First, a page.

Emma showing off her new red beret and her new art work (a collage of relatives).

Emma showing off her new red beret and her new art work (a collage of relatives).


Emma’s Gift to her Granma

I asked Emma what she wanted to give to her grandma for Christmas this year.  Emma wrote, “I will give to Granma a story about dogs who go to work instead of playing.”

Here is her story, reprinted here with both Emma’s and her granma’s permission.

A Folk Story For Granma ~ By Emma

“Once there were many dogs who went to work.  They worked part of the year in the fields, yet their masters wished they would work all the time.  So one day they organized a strike and their owners got very angry.  They told their owners they would not involve them in their decisions about how they spend their time.  Their owners said they had to work or they would not be fed.

“One day everyone went to work.  Sounds were too loud.  Every dog began to whimper.  The noise was so dreadful, the owners told their dogs to take the day off.  Noise is everyone’s enemy, but it is everyone’s  friend too.

“Today, dogs do not have to work in fields.  They are free to play.

“The End”

Emma chose this image to accompany her story.


Silence and the Words That Fill it

Emma has been writing stories to give as Christmas presents to a couple of special people in her life.  It is an exhausting process for her and one that takes a great deal of time.  As the person who is witnessing and encouraging her to keep going, it is always revelatory.  Her gift to me is her ongoing commitment to keep showing up for the hard work that is required of her to communicate in ways most people consider most important, with words.   However as I sit with her I am increasingly aware of how much, those of us who are talkers, often miss.   Because of my daughter, I have a heightened appreciation for the beauty of silence words seek to fill.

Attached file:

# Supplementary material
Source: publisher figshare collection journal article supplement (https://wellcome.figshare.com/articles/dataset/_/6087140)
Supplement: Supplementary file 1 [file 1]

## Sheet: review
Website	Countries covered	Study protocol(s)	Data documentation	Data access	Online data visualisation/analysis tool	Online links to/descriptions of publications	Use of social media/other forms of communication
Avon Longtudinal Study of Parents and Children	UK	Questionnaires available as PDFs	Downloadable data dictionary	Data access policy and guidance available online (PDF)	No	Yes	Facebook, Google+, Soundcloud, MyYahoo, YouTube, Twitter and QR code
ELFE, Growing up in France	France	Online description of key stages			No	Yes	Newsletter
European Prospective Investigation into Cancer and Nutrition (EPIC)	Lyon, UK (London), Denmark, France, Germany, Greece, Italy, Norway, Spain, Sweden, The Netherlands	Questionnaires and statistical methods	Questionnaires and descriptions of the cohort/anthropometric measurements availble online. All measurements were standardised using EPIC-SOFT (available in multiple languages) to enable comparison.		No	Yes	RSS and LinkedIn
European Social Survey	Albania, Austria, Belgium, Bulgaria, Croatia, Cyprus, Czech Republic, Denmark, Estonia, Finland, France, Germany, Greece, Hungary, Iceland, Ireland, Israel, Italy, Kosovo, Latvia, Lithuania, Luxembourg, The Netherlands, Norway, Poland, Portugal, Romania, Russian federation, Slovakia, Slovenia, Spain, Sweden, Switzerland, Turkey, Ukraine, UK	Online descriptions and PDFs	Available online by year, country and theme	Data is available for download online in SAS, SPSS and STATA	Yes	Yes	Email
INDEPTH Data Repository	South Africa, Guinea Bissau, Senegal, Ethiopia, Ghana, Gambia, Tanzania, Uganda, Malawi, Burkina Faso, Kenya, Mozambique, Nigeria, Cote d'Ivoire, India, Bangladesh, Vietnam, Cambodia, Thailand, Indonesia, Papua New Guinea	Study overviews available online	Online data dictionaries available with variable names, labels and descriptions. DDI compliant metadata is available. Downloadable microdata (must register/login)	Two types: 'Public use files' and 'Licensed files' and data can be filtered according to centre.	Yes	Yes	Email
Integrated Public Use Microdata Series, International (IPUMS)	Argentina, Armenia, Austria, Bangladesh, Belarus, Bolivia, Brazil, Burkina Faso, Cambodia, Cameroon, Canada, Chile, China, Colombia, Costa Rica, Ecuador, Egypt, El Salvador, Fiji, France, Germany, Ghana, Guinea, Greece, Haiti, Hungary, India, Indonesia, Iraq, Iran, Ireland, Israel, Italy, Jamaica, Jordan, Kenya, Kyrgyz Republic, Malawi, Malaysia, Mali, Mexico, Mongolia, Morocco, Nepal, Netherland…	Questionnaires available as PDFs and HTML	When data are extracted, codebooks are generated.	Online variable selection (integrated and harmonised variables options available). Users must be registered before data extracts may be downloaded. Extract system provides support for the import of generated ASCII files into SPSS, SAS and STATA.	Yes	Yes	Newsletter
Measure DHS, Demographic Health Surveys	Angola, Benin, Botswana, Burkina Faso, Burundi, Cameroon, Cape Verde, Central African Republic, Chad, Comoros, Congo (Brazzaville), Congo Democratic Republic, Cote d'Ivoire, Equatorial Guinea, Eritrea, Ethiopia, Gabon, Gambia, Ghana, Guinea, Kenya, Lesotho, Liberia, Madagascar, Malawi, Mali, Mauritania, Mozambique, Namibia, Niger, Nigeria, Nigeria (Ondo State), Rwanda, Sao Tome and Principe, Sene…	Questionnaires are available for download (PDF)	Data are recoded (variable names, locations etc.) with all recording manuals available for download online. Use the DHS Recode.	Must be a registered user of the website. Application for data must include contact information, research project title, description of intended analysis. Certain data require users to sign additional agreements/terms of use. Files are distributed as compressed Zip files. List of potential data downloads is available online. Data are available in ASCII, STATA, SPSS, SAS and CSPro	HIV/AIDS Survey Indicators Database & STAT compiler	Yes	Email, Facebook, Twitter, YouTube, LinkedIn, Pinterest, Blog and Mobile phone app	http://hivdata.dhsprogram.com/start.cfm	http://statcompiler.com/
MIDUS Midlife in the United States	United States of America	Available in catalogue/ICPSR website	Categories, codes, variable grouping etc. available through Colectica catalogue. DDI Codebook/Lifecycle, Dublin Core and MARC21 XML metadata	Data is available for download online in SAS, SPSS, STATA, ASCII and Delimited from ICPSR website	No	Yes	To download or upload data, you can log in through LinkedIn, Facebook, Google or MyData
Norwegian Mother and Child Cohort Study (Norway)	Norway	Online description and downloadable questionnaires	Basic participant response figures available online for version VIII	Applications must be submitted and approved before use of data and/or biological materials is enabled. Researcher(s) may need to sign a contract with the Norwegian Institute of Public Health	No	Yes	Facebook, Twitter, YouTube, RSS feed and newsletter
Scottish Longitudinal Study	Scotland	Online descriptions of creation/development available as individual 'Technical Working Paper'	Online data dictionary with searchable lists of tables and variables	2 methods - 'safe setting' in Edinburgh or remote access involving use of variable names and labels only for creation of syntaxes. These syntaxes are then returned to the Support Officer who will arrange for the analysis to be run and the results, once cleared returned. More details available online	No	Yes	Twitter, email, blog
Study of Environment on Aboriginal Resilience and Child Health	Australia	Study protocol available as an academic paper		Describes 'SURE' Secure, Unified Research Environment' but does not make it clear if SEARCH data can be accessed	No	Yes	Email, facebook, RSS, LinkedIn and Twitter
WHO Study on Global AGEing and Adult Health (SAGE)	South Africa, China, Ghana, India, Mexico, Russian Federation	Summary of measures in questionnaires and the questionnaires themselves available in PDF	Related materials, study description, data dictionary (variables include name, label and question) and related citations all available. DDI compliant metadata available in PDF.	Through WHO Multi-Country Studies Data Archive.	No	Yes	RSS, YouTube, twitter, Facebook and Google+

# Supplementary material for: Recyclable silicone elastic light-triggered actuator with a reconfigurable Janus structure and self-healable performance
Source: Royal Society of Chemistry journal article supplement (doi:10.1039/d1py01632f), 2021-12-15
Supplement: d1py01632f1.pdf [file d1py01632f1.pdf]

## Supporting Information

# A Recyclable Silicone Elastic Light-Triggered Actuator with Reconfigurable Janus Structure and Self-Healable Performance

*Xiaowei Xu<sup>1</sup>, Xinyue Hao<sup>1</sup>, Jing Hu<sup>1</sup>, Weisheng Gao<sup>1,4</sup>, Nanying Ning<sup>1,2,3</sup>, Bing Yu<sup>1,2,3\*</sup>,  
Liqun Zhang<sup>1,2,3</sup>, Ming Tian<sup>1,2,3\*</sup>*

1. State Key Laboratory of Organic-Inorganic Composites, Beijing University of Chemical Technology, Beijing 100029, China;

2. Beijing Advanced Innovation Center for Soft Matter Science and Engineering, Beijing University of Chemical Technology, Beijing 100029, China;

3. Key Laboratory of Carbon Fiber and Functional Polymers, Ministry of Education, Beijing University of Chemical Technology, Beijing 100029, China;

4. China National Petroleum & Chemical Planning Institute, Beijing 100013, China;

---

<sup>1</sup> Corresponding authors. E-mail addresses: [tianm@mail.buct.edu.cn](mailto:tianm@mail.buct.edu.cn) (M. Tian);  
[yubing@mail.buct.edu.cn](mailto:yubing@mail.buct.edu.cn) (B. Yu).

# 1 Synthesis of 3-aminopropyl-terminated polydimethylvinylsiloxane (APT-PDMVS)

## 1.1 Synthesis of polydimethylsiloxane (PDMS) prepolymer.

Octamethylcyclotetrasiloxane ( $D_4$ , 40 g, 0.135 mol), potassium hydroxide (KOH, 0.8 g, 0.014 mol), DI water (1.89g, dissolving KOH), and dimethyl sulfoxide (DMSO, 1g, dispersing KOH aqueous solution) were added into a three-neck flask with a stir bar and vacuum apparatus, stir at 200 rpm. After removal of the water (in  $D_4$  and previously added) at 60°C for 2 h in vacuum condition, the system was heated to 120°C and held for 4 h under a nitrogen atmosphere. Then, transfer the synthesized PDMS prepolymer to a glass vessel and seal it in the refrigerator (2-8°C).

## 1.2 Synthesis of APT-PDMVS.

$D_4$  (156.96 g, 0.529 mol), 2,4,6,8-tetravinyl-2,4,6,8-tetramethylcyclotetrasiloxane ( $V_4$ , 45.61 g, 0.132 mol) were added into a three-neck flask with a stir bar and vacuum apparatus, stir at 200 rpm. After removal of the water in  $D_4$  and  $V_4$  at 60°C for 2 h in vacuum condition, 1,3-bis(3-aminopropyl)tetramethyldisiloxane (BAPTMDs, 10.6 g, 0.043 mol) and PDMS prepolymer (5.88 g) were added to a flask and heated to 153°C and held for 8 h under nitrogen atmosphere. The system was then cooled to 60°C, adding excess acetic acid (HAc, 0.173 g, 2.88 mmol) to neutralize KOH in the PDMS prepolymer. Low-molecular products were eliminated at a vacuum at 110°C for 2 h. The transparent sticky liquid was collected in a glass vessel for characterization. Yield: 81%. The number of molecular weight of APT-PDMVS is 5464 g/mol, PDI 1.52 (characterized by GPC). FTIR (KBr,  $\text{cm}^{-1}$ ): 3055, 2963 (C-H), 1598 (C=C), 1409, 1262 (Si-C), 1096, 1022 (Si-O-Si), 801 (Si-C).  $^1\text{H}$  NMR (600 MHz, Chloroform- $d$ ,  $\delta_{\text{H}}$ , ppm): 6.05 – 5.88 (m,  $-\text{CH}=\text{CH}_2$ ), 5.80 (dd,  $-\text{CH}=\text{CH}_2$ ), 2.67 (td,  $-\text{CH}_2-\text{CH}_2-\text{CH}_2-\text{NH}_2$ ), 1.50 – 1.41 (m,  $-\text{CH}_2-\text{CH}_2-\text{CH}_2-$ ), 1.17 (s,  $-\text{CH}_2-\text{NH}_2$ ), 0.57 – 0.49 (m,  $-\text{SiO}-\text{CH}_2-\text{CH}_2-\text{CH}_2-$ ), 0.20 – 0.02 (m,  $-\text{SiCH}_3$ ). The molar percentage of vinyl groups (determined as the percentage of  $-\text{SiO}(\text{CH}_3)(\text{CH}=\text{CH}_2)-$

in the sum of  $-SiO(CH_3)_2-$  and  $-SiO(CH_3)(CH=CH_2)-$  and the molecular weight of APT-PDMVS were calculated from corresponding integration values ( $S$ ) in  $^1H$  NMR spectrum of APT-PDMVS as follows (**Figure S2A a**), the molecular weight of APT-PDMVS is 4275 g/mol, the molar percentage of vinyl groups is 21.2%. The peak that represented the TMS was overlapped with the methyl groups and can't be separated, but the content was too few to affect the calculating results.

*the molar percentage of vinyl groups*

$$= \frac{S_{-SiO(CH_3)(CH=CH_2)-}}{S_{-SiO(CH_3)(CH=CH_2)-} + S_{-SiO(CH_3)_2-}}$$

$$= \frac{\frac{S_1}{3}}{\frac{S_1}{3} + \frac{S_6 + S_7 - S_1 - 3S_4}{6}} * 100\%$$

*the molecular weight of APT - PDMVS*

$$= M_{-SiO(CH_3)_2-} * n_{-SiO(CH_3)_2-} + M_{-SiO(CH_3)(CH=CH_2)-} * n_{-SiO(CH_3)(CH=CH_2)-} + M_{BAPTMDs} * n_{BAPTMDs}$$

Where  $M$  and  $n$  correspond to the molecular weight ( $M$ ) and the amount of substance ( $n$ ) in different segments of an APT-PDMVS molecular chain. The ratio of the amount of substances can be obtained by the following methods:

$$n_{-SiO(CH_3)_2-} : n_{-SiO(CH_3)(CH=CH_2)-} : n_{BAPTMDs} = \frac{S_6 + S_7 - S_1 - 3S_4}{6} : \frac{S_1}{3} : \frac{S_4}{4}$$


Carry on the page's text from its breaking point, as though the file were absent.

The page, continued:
I cannot quote anything from the amazing stories Emma has written for family members, as they are gifts to be given tonight and tomorrow.  But I can quote this, which Em wrote in response to my question – “Tell me one thing about Christmas?”

Emma wrote, “Christmas means love and family.”  (This, from an eleven year old.)

There is nothing more to say.

Merry Christmas to those of you who celebrate and for everyone else, may you experience love and family, in whatever way those words may mean for you this holiday season.

Let Us All Be Safe

My favorite memories of Christmas are those spent at my grandmother’s house in Colorado when I was a little girl.   Every morning I would wake to see the snow covered mountains outside my bedroom window and snuggle deeper beneath the warmth and weight of the woolen blankets on my bed.  The smell of freshly baked orange buns and cinnamon rolls filled the air.  I grew up in Northern California not far from the Pacific ocean, so snow was a novelty and cause for great excitement.  The thrill of being in the mountains in Colorado during Christmas was something I anticipated with great excitement and impatience.   My grandmother always bought my sister and I a dirndl, the traditional German dress, to wear on Christmas eve, while my father, who was Swiss wore a pair of black leather lederhosen with white socks embroidered with green foliage, worn with black velvet slippers and a black or red cashmere turtleneck sweater.  Picture the Sound of Music with Christopher Plummer as my father and me as the youngest child, Gretyl and you get an image of how we looked on Christmas eve, though the similarities pretty much stop there.